"You certainly can’t say it was 'No Country for Old Men' at the multiplex as films like The Magnificent Seven, The Accountant, Deepwater Horizon, Jack Reacher: Never Go Back and Snowden had varying degrees of success this fall while eschewing any attempt to attract younger and less testosterone-driven audiences," Dergarabedian also observes.

Magnificent Seven has earned the most domestically with $91.2 million. But it had the least competition for male eyeballs when it opened Sept. 23. Men became a precious commodity when Deepwater Horizon rolled out Sept. 30, followed by Ben Affleck's The Accountant on Oct. 14 and Never Go Back on Oct. 21. The Accountant has outgrossed the Jack Reacher follow-up in the U.S. to date, with $61.3 million versus the Tom Cruise movie's $39.8 million. Yet neither has yet to match the $66 million earned domestically by The Girl on the Train, which became the season's lone female-fueled offering after the failed Bridget Jones sequel.

"Male star power did not manage to power box-office success for the overall season," Dergarabedian continues. "Though individually Tom Hanks, Denzel Washington, Ben Affleck, Tom Cruise, Tyler Perry and Kevin Hart fueled one of the most star-driven fall seasons ever, we are down nearly 10 percent for the period."

Where was the all-audience movie?
In 2013, Gravity made history by proving that a big-event film can launch in October. The pic grossed $274.1 million domestically and a record $724 million worldwide. Last year, The Martian also dared to launch in October, earning $630 million globally, including $228 million in North America. Inferno had ambitions of appealing to all audiences — hence the casting of Felicity Jones opposite Hanks — but instead played to a decidedly older crowd.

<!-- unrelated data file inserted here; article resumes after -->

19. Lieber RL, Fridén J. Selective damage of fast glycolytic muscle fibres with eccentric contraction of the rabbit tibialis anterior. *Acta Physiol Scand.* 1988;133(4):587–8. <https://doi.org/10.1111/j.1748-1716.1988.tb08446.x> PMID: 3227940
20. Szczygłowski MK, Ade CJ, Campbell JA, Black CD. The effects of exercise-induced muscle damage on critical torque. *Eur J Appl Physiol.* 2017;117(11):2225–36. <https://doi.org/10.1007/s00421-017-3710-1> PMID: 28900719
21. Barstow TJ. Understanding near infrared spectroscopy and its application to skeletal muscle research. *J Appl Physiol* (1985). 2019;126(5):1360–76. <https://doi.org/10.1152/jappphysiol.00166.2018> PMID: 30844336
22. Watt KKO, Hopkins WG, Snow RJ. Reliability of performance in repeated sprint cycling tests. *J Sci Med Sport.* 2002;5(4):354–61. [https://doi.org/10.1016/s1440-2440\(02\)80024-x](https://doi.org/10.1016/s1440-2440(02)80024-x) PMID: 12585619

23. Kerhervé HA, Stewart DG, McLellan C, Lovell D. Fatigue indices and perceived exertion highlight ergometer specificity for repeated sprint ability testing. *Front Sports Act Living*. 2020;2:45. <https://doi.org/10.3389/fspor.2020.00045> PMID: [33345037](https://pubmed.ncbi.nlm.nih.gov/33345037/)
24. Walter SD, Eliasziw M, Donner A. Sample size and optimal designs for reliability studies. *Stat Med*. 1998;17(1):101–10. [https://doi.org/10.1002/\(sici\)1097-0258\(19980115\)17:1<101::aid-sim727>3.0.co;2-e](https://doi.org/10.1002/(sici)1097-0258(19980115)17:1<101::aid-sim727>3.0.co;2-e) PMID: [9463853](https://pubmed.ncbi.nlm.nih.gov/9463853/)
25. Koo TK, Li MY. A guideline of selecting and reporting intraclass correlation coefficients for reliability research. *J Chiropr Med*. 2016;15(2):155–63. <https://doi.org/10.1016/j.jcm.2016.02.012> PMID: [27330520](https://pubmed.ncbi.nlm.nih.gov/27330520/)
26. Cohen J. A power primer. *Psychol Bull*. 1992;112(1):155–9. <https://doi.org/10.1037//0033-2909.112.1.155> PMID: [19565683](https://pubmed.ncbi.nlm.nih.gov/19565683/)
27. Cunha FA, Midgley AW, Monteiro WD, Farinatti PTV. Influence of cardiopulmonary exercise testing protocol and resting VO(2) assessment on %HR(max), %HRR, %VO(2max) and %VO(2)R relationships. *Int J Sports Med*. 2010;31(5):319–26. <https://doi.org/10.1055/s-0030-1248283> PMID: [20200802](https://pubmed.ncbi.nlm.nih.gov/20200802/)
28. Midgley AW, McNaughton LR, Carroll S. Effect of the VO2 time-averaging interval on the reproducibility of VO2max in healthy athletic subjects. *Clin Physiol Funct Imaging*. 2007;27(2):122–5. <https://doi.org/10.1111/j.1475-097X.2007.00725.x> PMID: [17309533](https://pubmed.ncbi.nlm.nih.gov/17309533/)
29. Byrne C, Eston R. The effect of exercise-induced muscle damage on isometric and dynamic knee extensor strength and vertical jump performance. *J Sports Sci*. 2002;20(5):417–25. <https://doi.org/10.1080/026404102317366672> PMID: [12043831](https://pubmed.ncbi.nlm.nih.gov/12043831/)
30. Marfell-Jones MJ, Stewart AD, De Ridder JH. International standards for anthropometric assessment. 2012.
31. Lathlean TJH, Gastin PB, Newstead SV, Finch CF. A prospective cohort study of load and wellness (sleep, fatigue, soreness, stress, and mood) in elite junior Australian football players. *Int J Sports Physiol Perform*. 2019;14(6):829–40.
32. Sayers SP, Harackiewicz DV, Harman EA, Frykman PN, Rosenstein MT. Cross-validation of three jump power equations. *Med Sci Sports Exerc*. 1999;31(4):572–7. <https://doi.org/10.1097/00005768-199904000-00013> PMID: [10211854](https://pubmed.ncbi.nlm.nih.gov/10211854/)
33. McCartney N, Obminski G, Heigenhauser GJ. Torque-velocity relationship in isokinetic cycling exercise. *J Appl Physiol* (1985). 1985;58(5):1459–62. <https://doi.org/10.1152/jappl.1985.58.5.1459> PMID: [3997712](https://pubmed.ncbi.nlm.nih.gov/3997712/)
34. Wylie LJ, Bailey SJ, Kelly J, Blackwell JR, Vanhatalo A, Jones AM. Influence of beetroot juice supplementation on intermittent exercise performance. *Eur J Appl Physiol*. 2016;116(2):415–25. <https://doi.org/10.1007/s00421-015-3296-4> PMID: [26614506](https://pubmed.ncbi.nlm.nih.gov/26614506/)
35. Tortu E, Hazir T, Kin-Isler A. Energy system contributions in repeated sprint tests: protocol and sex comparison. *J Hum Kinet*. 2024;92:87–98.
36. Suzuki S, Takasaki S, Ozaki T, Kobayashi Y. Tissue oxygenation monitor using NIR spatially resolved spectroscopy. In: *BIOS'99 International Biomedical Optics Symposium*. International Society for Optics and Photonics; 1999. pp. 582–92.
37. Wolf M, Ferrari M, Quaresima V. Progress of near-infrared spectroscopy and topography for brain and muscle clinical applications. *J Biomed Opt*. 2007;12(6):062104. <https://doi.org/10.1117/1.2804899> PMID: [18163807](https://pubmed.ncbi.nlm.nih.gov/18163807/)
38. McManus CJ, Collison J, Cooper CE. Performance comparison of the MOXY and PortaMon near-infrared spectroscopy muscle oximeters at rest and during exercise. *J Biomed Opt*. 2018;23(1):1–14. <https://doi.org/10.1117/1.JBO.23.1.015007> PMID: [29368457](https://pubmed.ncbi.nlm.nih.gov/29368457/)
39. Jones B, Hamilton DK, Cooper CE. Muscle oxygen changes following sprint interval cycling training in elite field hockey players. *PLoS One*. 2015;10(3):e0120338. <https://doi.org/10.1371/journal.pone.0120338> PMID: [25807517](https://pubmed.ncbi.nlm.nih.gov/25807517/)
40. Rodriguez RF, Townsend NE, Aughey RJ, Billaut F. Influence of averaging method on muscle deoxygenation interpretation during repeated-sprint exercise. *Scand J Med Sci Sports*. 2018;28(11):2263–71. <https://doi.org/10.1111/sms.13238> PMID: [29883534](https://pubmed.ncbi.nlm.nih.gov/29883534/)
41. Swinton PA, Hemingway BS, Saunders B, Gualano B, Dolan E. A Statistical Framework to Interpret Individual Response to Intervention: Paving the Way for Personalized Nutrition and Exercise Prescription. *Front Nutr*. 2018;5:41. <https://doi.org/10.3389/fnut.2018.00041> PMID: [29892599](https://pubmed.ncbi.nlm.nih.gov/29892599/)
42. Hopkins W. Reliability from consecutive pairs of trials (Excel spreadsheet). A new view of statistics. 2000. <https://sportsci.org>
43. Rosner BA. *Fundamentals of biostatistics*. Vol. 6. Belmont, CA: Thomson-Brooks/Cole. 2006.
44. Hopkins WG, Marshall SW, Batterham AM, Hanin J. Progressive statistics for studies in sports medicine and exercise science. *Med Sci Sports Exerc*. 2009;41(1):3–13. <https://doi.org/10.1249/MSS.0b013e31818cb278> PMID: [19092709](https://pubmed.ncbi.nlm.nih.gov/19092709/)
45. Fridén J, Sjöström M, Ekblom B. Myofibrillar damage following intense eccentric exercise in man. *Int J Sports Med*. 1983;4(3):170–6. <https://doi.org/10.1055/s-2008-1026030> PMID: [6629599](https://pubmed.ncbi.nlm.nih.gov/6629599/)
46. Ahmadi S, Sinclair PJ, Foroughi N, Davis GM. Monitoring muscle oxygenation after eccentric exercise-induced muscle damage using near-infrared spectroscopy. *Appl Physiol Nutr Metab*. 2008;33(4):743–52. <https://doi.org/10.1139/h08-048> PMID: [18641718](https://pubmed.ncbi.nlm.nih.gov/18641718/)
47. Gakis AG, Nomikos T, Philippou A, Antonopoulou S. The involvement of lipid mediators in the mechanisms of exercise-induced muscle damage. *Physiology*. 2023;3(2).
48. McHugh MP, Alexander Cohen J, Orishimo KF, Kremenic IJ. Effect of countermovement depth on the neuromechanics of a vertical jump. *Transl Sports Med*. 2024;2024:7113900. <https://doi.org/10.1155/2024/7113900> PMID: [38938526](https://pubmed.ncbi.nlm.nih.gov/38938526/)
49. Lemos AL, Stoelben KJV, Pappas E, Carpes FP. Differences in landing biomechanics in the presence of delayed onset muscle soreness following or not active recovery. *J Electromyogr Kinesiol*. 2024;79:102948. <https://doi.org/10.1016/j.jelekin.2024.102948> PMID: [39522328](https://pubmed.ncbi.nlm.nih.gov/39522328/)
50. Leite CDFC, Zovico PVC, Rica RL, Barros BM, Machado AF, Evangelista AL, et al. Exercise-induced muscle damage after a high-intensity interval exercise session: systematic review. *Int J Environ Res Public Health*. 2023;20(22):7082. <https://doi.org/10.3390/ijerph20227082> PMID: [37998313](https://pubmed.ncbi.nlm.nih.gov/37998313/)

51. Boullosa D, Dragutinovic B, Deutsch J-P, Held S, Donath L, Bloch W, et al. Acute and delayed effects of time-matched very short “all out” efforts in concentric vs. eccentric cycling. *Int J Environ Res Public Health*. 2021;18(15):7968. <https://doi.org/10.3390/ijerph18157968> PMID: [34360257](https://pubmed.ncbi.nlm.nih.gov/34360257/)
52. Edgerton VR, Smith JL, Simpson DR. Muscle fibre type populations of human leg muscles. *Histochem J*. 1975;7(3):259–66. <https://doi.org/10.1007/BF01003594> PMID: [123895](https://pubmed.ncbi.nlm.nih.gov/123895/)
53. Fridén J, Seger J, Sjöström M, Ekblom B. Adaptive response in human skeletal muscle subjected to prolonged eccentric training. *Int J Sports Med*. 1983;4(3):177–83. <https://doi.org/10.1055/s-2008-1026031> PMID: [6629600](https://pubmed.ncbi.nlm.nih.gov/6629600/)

There was a dearth of family films and animation.
Even though kids had gone back to school, Hotel Transylvania 2 was a September sensation last year, grossing $169.7 million domestically. A month later, Goosebumps earned a solid $81 million. This year, there was only one animated offering in September and October, Storks, which topped out at $68.3 million after skewing very young. Tim Burton's often-dark fantasy adventure Miss Peregrine's Home for Peculiar Children made a play for families, but is a dark fantasy adventure (to date, the movie has grossed $80 million domestically).

Comedy remains in real trouble.
Just ask Zach Galifianakis, who starred in two fall ensemble comedies: Relativity's Masterminds and Fox's Keeping Up With the Joneses. Also starring Isla Fisher, Jon Hamm and Gal Gadot, the latter pic opened to $5.5 million over the Oct. 21-23 weekend, one of the worst starts of all time for a movie rolling out in more than 3,000 theaters. The performance of the two films continues a troubling trend that has caused many Hollywood studios to press the pause button on the number of comedies they make.

"Other than Boo! and stand-up concert film Kevin Hart: What Now?, the select few other comedies fell flatter than pumpkin pie this fall and offered little relief from the preponderance of serious or intense fare that permeated the marketplace," says Dergarabedian. "Overall, this fall fell short because the joy and enthusiasm just did not seem to be there on the part of an audience that appeared to be more than slightly disinterested in what Hollywood served up on the big screen. Thankfully, a very solid-looking holiday lineup looks to erase the sins of the fall film flounder."